To say Mary Ann King was looking forward to her special visitor’s arrival at the Melville Hospice Home Friday (June 5) would be an understatement.
The senior said she slept surprisingly well the night before, woke early in anticipation of the 2 p.m. affair and was good to go – including decked out in full riding gear – hours before Violet set hoof in the South Surrey facility’s courtyard.
And though the Arabian mare was a tad delayed, when the face-to-muzzle moment finally arrived, the joy it created for King and those fortunate enough to witness the occasion was almost tangible.
“Aw, this is incredible, brings tears to my eyes,” said Diane Giesbrecht, a friend of King’s since the pair met by chance in hospital in late March.
“I feel very privileged to be part of this.”
For King, whose memory is jam-packed from her days as a dressage rider and the countless hours she spent with her own two horses – “it was a labour of love,” she said – the visit was more than an opportunity to once again feel the equestrian closeness that is so much a part of her being, however.
She hopes the attention it catches will also raise awareness of the condition – AL amyloidosis – that led her to the newly opened 15-bed hospice, and possibly help others who find themselves with the same diagnosis.
“Not only is it wonderful to have the horse here, I wanted to bring attention to the disease I have,” she said. “It’s been around, but nobody’s known about it because it’s been so rare.”
Caused by a bone-marrow disorder, AL amyloidosis creates abnormal proteins that deposit in and around tissues, nerves and organs. In King’s case, it targeted her heart and kidneys, leading to severe heart dysfunction and end-stage kidney failure.
The 67-year-old’s journey with AL amyloidosis began two years ago.
“Working my two horses, all of a sudden I was getting exhausted. And that’s how it started,” she said. “I remember saying to the doctor, I don’t know what’s wrong, but something isn’t right.”
A bone-marrow biopsy provided the answer, and two rounds of chemotherapy followed – but King doesn’t think those helped. After a fall at home in March landed her in hospital, “everything that I knew is gone,” she said.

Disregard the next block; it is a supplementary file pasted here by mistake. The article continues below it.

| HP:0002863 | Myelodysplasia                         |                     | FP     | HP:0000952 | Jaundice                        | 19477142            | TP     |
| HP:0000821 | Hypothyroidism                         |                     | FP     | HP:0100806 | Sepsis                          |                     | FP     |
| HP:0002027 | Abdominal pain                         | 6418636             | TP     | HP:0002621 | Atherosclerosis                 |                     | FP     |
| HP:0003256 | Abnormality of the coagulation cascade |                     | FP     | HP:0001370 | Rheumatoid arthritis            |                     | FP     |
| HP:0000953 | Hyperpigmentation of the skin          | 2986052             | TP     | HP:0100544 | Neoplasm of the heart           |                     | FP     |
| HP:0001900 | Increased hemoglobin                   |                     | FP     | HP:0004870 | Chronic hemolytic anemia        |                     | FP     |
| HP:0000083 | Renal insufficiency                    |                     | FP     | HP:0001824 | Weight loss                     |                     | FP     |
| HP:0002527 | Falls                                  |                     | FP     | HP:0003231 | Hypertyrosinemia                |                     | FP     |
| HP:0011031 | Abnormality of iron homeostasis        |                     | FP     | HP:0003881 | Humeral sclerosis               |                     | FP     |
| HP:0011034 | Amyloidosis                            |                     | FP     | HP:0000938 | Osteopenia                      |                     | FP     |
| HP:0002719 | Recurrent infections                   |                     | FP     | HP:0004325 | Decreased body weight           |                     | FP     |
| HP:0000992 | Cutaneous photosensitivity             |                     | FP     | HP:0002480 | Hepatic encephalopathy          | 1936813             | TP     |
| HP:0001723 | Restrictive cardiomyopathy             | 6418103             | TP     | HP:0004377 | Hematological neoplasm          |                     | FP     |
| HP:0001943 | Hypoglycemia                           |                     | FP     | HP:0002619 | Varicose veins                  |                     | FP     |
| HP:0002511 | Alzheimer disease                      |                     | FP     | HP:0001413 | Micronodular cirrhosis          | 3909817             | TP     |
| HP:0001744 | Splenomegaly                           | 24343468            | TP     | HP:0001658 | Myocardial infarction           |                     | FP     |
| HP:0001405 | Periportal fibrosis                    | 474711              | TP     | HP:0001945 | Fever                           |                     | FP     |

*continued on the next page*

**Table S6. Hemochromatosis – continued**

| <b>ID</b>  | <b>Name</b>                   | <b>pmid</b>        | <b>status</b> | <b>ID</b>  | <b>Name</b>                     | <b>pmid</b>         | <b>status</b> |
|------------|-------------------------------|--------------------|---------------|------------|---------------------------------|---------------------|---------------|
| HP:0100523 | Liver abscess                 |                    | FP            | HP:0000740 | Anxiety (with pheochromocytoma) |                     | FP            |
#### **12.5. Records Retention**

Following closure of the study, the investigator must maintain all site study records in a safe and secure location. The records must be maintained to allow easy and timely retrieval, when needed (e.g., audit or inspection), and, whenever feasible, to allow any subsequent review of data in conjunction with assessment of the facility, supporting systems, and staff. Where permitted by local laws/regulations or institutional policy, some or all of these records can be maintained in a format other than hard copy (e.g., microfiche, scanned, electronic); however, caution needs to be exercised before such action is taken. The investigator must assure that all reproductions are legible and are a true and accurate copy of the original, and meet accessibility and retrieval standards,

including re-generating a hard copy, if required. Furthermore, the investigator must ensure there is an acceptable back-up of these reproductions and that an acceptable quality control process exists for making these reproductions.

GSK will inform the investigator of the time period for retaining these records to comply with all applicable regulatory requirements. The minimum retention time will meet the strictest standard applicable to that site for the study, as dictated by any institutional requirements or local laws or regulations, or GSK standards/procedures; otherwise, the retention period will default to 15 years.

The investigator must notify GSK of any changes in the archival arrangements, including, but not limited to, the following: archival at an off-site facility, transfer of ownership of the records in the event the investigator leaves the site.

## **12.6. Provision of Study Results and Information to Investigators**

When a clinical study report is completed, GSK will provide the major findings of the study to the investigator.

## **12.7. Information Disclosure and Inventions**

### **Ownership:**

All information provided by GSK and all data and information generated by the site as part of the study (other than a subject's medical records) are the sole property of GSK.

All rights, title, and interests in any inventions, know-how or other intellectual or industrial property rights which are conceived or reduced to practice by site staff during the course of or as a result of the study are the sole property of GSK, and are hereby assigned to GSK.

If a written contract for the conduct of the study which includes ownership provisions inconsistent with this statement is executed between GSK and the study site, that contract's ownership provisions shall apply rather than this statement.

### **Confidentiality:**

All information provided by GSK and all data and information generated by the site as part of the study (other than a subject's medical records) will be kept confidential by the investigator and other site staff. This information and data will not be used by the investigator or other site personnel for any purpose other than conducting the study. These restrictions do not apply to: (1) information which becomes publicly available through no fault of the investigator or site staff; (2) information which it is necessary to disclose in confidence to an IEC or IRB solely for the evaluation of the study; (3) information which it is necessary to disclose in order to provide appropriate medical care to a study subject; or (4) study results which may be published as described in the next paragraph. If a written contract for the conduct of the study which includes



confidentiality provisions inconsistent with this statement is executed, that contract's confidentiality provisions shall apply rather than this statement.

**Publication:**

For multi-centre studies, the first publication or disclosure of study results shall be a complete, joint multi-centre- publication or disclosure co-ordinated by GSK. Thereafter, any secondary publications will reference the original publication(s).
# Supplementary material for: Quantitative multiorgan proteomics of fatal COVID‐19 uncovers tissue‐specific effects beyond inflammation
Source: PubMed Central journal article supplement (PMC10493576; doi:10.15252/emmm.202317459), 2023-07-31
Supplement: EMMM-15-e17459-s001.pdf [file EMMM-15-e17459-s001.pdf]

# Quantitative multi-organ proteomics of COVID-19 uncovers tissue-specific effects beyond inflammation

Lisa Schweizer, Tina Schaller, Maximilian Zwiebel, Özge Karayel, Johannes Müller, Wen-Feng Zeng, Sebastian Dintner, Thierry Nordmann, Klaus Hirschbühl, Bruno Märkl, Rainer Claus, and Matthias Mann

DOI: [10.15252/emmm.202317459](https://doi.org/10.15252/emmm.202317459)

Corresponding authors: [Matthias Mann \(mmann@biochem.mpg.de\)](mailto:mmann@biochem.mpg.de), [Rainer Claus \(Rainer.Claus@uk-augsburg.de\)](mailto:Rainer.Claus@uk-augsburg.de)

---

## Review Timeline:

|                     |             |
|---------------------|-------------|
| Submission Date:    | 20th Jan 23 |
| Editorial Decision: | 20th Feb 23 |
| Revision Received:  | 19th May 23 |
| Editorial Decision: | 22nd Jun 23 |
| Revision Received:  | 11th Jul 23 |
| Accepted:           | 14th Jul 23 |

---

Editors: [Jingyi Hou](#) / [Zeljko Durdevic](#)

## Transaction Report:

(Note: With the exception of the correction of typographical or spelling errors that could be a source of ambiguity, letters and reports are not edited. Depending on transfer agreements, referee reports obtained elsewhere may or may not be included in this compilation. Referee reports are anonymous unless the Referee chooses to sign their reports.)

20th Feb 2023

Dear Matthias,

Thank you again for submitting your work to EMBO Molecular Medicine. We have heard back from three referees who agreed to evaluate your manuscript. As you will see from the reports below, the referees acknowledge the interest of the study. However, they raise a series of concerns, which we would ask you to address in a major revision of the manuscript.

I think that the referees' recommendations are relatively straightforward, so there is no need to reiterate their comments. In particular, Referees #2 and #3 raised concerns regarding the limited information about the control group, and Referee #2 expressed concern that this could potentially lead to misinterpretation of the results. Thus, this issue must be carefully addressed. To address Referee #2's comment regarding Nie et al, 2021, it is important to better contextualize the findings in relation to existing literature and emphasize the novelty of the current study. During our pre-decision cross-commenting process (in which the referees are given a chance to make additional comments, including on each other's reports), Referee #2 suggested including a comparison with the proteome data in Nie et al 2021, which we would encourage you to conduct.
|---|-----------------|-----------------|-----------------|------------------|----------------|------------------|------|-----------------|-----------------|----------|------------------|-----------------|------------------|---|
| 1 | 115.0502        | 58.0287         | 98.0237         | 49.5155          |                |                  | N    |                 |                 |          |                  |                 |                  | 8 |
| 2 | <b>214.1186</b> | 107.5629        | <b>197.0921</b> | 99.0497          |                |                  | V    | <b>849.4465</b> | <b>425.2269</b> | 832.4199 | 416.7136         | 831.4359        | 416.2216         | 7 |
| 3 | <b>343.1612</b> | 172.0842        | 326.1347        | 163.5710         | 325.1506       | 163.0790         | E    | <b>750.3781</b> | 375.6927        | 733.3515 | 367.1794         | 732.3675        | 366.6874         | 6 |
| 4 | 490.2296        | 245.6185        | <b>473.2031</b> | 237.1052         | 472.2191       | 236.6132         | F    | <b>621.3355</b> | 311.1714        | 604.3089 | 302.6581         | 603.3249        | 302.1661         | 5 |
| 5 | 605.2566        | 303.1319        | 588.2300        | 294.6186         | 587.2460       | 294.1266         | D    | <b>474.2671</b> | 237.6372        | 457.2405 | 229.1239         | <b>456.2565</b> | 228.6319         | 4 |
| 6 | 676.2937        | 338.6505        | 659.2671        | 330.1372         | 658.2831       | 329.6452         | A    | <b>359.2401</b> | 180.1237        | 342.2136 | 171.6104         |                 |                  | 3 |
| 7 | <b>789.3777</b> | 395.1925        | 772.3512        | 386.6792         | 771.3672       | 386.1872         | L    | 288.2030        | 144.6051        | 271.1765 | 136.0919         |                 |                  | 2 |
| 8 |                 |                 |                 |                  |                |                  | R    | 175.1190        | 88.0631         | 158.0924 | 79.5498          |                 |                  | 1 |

Treatment can reduce symptoms, and since being at the hospice, medications have helped reduce dizziness and seizures that King had been experiencing due to low blood pressure, and enabled her to build her strength.
“She literally couldn’t even prop herself up,” nurse practitioner Brenda Eraut said.
Still, “the doctor said it’s terminal for me,” King said.
King encouraged anyone who feels that something isn’t right with their own bodies to not just ignore the feeling.
“Get it checked out, no matter what,” she said. “If it saves your life…”
King doesn’t know how much time she has left but said she plans to stick around “as long as God wants me.”
Friday, she made the most of her time with Violet, nuzzling the gentle giant, leading her around the courtyard and feeding her baby carrots.
“What a good girl, what a good girl,” King cooed.
Wishing she could go for a ride, King playfully – but with definite sincerity – promised Eraut she wouldn’t sue if they made the dream a reality.
Eraut couldn’t grant the request, of course, but she teared up when she spoke to Peace Arch News about how meaningful the day was to all involved.
All of the patients at the hospice are “like family” to those who are there to help them through those final months, days and hours, she said, and it was “so beautiful” to see the impact that the visit organized by King’s care team had.
“When she started talking about her horse, she just lit up,” Eraut said, of conversations she’s shared with King since her arrival at the Peace Arch Hospice Society-supported facility a month ago. “To have this whole team bring this gift to her, it’s just such a joy.
“It takes a village to die well. This is our village.”